Dutch writer to Italian newspaper: There’s “too much Africa in South Africa”

Oscar Pistorius being charged with the alleged murder of his girlfriend on Valentine’s Day has given the Dutch writer Adriaan Van Dis the chance to play “South African expert” in a long interview in Tuesday’s issue of the Italian newspaper La Stampa. Van Dis’s latest book, Tikkop (translated in Italian as “Tradimento”, or “Betrayal” in English), was the official reason why he’s being interviewed. La Stampa titled the article, “South Africa, The rainbow country where apartheid is replaced with fear.” According to the book’s Italian publisher Iperborea it is “a story about a trip in South Africa, memory about apartheid, the failure of a dream of freedom, friendship, and love for a language and a land.”

“There’s a reason why we have asked Van Dis about the current situation in South Africa,” explains the journalist Alessandra Iadicicco in her introduction: “It is because he comes from the postcolonial world, and was born to an Dutch East Indian father and an Indonesian mother; he also studied Afrikaans literature in South Africa in the 1970s. He visited the country again in 1994 to document the progress made there after Mandela’s victory, writing a reportage-novel titled The Promised Land. Now, in Tikkop, he exposes his post-colonialist disillusions.”

Inevitably, Van Dis is questioned about the Pistorius case. Van Dis, echoing the rhetoric of Pistorius’ apologists (and the basis of Pistorius defense), responds that: “the background of the murder is clear: The country is dominated by fear, people–black and white–live in terror.”

La Stampa’s journalist wonders if the losses to which Van Dis refers in his novel, and the present day atmosphere of fear that he speaks about are consequences of Apartheid. “Without a doubt,” Van Dis asserts. “The dismantling of the system of segregation has created a new privileged class of wealthy black people, as scared as white people are of the diffused criminality among the poorest of the country.” And: “Conquering freedom didn’t improve the life standard for everybody.”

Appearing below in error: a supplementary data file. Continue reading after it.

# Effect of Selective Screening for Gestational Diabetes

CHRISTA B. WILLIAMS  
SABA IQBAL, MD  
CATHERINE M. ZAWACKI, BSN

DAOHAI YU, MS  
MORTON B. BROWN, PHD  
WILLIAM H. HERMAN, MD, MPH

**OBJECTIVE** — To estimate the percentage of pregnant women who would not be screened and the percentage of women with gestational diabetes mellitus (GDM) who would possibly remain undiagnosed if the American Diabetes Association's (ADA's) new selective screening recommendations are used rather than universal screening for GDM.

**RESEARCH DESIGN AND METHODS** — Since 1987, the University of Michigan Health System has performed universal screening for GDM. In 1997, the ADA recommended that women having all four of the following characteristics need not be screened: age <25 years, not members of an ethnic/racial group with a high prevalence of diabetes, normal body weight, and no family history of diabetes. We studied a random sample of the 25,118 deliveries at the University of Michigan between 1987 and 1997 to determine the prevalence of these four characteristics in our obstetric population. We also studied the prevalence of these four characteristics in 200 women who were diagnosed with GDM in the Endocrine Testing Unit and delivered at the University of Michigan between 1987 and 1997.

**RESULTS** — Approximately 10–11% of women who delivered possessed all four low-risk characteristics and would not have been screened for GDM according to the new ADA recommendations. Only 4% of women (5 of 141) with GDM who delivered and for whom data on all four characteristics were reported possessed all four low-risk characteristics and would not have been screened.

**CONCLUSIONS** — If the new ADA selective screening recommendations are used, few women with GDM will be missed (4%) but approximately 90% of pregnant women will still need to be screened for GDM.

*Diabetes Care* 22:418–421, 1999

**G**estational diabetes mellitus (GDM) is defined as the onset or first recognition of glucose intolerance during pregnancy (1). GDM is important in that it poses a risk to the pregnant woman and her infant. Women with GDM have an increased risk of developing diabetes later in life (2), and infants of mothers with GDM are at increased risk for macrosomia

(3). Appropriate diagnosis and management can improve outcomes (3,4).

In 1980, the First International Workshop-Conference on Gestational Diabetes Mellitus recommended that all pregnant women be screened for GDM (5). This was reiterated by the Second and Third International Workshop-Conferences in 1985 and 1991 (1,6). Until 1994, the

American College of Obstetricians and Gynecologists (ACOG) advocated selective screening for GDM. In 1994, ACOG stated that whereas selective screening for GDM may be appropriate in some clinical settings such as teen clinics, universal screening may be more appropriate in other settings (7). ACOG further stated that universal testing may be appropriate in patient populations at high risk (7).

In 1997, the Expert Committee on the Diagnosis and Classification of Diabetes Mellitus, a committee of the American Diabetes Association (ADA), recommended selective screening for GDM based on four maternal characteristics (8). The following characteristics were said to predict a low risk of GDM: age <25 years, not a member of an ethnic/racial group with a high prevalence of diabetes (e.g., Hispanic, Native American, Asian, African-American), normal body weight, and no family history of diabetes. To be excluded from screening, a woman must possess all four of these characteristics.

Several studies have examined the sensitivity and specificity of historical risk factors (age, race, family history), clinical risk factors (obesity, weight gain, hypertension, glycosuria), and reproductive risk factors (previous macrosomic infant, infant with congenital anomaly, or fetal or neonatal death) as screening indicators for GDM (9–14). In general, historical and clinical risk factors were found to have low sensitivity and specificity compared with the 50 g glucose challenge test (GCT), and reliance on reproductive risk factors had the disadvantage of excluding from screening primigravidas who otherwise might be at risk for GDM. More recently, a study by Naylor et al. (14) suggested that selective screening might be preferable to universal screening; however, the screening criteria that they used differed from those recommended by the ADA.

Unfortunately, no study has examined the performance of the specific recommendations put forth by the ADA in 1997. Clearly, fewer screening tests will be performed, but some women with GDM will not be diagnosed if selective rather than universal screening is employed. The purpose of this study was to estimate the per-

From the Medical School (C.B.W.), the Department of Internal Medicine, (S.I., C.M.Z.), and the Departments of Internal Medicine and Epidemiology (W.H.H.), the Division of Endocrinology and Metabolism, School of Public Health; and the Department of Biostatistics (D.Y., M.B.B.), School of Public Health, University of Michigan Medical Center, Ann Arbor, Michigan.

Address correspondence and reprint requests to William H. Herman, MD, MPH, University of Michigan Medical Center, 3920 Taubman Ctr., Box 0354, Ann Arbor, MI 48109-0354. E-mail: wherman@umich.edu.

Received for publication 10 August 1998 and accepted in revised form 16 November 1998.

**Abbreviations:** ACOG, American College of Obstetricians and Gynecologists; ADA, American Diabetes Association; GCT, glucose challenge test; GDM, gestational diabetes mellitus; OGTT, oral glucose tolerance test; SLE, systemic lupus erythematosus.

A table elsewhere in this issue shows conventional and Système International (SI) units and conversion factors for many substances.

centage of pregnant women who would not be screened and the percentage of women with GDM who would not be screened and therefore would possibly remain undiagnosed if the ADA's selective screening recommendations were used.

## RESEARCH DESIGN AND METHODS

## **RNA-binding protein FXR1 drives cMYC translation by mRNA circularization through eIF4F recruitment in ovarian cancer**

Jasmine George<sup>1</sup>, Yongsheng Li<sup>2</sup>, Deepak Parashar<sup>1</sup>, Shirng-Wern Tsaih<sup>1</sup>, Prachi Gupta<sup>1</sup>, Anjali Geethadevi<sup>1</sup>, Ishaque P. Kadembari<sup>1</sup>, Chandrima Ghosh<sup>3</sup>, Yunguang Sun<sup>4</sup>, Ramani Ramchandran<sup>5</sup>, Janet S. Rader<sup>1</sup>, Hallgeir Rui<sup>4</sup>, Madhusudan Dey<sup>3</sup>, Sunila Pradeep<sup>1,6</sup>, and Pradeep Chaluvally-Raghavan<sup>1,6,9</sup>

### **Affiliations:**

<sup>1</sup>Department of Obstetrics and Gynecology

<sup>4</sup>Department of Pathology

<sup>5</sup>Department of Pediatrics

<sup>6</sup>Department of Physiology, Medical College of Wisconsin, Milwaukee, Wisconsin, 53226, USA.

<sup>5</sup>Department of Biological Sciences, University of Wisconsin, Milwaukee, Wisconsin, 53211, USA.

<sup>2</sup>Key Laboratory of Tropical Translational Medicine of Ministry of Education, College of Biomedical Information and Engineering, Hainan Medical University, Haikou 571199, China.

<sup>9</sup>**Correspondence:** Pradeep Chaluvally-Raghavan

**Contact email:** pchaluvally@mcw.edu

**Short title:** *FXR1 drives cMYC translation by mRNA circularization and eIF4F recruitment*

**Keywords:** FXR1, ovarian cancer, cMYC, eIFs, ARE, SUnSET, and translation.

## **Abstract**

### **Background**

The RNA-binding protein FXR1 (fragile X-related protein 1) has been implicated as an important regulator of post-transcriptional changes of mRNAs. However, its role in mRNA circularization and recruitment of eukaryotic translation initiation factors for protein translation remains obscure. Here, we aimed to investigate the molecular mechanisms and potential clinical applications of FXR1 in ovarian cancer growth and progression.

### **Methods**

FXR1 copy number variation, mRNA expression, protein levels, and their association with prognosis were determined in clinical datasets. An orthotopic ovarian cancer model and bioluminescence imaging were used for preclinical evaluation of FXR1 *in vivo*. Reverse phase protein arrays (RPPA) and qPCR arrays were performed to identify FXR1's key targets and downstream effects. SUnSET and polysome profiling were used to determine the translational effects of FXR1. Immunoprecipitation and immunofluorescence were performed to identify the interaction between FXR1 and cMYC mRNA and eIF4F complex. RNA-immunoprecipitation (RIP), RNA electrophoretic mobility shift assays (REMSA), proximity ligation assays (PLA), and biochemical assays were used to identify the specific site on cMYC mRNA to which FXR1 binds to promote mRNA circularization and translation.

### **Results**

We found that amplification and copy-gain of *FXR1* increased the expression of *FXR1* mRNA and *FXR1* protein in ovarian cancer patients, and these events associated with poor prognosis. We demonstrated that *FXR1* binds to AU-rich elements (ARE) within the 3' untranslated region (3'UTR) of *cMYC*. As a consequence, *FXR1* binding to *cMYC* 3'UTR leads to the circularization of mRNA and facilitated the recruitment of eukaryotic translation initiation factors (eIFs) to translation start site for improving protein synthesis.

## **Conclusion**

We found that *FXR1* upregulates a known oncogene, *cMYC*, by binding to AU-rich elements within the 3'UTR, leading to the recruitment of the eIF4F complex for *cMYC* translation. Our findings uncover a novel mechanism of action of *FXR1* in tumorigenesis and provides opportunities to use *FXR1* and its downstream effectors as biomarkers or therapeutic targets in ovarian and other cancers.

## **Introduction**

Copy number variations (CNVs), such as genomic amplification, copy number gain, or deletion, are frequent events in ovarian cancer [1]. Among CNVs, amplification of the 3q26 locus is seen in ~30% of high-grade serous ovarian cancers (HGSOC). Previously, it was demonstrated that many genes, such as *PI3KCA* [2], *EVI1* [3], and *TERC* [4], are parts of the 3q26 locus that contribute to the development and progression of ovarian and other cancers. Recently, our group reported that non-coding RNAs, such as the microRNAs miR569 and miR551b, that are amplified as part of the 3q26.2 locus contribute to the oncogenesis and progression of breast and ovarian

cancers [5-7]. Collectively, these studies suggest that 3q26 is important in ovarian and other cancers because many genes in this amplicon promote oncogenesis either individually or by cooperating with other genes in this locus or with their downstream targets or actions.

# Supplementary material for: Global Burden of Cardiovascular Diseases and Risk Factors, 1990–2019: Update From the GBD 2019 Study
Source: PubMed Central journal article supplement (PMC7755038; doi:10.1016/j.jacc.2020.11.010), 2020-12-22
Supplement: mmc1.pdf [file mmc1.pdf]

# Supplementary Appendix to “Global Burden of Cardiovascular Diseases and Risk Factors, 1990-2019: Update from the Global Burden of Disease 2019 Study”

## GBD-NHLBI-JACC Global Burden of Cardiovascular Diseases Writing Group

It’s clear that Van Dis’s assessment of South Africa will inevitably scare readers and discourage anyone outside the country from ever contemplating a visit to South Africa. But there are even more ways in which he expresses his disappointment: “The country which, in the 1990s, represented hope for justice and redemption for the oppressed of the world has “Africanized” itself more and more in the last 20 years [si è sempre più africanizzato negli ultimi vent’anni], and it wasn’t able to implement European civilization values.”

And that’s the real betrayal for Van Dis: the lost of a European legacy supposedly associated with the country’s whites. But who is going to tell Van Dis that even Apartheid is part of this same legacy?

The best comment comes from a friend of mine on Facebook, who used a rhyme I have never heard to explain the link between the new Europeans, with all their pretty liberal views, and their forebearers:

“Gratta gratta l’europeista che vien fuori il colonialista” (Scratch, scratch the Europeanist, and you’ll find the colonialist)

No need to scratch too much to get at what Van Dis is all about.

 

Comments

comments

16 Comments
  1. Brilliant comment from your friend on Facebook. Van Dis has always had a fatherly tone towards South Africa. What’s telling is how seriously he’s been taken in the Netherlands, and clearly Italy too, as a legitimate commentator on South Africa, while his colonialist stance has never been far beneath the surface.